Fadi AL Farawati, DDS, MS, MClinDent, and Edgar Davila, DDS, MS, CDT, FACP, share insights and perspectives from academia and private practice on dental applications for CAD/CAM technology in dental practice
Whether a dental setting relies on laboratories or utilizes in-house equipment, digital scanning and computer aided design/computer aided manufacturing (CAD/CAM) is a staple of today’s practice. At the same time, rapid advances and open-architecture formats are increasing the utility of digital design and manufacturing technologies.
Clinicians have many options for the use of digital dentistry, ranging from restorative treatment and orthodontics to dental implants and oral surgery, to name a few. They also have flexibility in gradually implementing these technologies into practice. To help provide perspective, we asked two experts to share their insights.
Fadi AL Farawati, DDS, MS, MClinDent, of The Dental College of Georgia at Augusta University provides a practical and well-rounded academic view of the field, while Edgar Davila, DDS, MS, CDT, FACP, shares his acumen as a maxillofacial prosthodontist in private practice in Tampa, Florida, where he also maintains a full-service, commercial digital laboratory.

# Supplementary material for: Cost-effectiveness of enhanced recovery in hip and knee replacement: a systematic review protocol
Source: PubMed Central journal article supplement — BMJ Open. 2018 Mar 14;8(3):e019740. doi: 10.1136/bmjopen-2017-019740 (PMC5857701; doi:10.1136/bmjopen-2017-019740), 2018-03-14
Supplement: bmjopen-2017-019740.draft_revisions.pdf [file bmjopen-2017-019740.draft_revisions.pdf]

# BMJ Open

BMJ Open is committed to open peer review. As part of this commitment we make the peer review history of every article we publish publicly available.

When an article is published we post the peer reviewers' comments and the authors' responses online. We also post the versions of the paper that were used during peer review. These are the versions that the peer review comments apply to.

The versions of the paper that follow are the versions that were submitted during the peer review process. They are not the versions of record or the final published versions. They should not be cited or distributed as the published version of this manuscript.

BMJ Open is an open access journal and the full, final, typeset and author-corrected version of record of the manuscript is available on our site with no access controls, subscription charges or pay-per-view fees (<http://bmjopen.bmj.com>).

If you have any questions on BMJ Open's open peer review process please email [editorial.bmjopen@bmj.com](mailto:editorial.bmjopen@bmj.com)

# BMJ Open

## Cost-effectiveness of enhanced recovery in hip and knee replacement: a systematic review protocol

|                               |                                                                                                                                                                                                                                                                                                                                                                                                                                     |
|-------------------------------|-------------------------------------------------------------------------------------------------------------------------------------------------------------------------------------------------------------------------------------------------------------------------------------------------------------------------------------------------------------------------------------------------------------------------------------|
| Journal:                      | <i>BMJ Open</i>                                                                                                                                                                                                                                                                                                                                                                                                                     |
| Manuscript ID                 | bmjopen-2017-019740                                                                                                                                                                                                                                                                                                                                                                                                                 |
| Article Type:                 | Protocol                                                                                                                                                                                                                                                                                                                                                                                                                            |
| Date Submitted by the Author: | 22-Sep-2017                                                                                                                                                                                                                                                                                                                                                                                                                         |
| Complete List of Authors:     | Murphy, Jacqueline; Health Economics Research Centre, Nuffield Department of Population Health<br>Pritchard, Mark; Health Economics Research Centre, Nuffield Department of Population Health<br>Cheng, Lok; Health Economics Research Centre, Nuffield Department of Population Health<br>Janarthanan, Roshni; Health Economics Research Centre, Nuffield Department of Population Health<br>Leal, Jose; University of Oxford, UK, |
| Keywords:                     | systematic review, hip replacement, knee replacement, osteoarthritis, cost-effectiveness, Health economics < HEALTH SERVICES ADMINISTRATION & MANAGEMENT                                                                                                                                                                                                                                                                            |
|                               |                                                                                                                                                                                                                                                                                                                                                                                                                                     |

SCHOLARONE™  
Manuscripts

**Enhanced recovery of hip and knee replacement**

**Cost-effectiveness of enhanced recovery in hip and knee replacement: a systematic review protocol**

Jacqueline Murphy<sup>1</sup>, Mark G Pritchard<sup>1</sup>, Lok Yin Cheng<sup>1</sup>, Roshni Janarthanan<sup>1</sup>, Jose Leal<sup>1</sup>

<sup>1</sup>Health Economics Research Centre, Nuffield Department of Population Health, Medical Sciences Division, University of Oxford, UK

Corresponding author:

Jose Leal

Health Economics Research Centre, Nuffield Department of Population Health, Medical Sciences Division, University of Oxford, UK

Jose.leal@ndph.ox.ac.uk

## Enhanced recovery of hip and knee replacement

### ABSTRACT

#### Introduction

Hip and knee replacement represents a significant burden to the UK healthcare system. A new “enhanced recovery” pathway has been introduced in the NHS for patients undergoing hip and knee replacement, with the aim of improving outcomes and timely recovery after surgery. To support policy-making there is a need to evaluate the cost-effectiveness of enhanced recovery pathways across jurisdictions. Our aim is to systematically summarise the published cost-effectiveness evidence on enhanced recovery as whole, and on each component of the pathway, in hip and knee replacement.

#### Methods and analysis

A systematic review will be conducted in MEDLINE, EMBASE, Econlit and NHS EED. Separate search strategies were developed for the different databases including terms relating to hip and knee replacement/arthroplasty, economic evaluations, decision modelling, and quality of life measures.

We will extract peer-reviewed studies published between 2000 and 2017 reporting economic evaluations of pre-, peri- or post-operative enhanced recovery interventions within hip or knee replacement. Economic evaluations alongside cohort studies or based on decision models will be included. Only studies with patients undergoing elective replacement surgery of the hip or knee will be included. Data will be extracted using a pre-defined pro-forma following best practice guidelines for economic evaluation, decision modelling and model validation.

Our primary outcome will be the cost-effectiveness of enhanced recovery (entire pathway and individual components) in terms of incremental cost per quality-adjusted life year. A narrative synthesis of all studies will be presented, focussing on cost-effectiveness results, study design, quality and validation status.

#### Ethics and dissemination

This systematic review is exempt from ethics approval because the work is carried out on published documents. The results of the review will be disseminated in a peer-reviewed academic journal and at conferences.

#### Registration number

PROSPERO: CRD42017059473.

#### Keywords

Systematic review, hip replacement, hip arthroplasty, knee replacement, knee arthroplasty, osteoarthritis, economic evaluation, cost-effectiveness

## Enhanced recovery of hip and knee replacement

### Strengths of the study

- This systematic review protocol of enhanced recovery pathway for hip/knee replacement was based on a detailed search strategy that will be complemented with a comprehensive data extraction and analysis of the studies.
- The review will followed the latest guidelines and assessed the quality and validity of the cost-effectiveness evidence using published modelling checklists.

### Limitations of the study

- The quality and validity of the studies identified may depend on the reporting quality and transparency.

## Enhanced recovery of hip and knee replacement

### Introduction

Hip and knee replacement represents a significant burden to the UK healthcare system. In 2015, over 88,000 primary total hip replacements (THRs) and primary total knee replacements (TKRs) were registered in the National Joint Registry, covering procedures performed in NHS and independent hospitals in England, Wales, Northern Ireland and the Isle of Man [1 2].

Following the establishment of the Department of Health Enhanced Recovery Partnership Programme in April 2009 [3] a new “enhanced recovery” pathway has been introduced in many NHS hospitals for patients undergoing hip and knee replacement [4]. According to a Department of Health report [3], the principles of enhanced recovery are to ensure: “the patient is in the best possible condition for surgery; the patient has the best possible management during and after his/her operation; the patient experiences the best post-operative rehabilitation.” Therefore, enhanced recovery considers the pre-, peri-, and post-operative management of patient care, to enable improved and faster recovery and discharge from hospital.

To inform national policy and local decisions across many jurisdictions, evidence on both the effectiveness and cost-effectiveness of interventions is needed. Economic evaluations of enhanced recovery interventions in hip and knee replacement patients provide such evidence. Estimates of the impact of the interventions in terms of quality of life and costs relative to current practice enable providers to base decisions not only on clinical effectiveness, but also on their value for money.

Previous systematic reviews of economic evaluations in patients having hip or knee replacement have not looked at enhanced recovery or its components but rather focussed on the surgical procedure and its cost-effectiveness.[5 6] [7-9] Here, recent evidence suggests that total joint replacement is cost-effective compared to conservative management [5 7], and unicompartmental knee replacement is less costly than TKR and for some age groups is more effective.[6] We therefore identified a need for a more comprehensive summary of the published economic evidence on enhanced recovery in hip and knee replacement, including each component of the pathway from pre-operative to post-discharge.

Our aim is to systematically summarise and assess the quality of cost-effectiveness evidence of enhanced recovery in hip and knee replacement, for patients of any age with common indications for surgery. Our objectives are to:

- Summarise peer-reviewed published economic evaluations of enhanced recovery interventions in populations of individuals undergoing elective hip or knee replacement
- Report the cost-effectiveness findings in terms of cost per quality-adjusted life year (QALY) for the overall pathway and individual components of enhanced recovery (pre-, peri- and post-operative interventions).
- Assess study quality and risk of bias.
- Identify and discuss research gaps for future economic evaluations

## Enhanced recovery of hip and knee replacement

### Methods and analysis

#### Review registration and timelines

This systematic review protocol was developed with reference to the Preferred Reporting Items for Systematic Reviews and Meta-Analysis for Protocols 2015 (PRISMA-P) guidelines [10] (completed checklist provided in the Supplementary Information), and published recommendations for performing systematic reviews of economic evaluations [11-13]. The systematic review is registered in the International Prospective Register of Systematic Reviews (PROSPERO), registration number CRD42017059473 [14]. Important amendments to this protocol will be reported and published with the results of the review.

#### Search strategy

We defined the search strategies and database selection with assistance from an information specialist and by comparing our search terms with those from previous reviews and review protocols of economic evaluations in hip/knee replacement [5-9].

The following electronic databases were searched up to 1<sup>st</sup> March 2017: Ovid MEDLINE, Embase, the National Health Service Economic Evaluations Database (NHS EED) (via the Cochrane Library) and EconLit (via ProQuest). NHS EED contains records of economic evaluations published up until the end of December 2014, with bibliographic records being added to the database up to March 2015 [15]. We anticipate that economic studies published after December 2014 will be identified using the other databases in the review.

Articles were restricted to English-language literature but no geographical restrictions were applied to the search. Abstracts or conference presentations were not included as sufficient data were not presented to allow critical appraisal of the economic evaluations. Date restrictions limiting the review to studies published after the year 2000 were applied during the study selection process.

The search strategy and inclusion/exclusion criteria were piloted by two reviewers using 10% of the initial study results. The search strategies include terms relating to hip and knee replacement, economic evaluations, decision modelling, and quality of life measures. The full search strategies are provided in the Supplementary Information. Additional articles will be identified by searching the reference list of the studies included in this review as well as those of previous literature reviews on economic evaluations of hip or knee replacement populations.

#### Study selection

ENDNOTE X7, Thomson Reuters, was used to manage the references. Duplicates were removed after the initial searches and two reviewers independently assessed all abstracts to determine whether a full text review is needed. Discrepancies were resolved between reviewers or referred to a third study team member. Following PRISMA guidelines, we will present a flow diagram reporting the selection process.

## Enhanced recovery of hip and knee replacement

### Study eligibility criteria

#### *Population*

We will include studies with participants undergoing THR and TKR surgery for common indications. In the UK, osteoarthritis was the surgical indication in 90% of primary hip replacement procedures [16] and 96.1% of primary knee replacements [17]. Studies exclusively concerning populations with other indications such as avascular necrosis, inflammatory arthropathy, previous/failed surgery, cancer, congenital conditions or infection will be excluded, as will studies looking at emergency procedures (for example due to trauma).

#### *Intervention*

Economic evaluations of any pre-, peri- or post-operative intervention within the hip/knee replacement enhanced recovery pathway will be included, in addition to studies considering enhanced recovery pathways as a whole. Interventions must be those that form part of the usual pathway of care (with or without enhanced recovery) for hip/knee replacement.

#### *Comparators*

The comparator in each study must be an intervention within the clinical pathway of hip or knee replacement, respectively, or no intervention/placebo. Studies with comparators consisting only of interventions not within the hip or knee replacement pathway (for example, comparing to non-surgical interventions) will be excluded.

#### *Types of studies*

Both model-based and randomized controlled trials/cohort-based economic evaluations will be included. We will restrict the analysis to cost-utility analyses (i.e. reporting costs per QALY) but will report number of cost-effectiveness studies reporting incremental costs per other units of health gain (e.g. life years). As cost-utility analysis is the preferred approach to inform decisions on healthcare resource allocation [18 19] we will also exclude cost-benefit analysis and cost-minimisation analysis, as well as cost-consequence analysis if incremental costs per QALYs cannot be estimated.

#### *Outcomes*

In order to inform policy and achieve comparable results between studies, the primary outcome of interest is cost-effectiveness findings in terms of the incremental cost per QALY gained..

What is involved in terms of the equipment and training needed to incorporate digital scanning into daily practice? How would you describe the learning curve?
Fadi AL Farawati, DDS, MS, MClinDent: Clinicians can gradually incorporate digital scanning into practice, starting with leasing or financing a scanner and outsourcing production of dental prostheses to laboratories. Dentists also have the opportunity to purchase design software that will allow control over the final product design, which they can send to labs or produce themselves with in-house milling units or three-dimensional (3D) printers.
Digital dentistry requires a learning curve, of course, but manufacturers provide training and typically offer a supporting platform to resolve technical difficulties or design questions.
Edgar Davila, DDS, MS, CDT, FACP: The first step in incorporating digital scanning on a daily basis is the dentist must be convinced — based on existing scientific and clinical data — this is the best way to obtain intraoral impressions for producing predictable dentistry. Next, the clinician should partner with a manufacturer that will provide the intraoral scanner, along with training, support and service. The learning curve is faster as time progresses because the newer scanners are easier to use than earlier models. The scanning process is also faster and more comfortable for patients, too.
Compared to conventional techniques, what are the benefits, challenges and limitations of digital scanning?
FA: Accepting or rejecting digital scanning as a viable modality for a given office is determined by evaluating the time, financial and clinical advantages of the technology. These must be weighed against the classical barriers that face technology adapters, including:
- Time needed to learn and master the technology
- The investment in acquiring the equipment and, equally important, maintaining it. When considering long-term costs, be sure to calculate the cost of licensing/relicensing, updates, IT support, deprecation, security and patient privacy protection
- The ability and willingness to move beyond the clinician’s comfort zone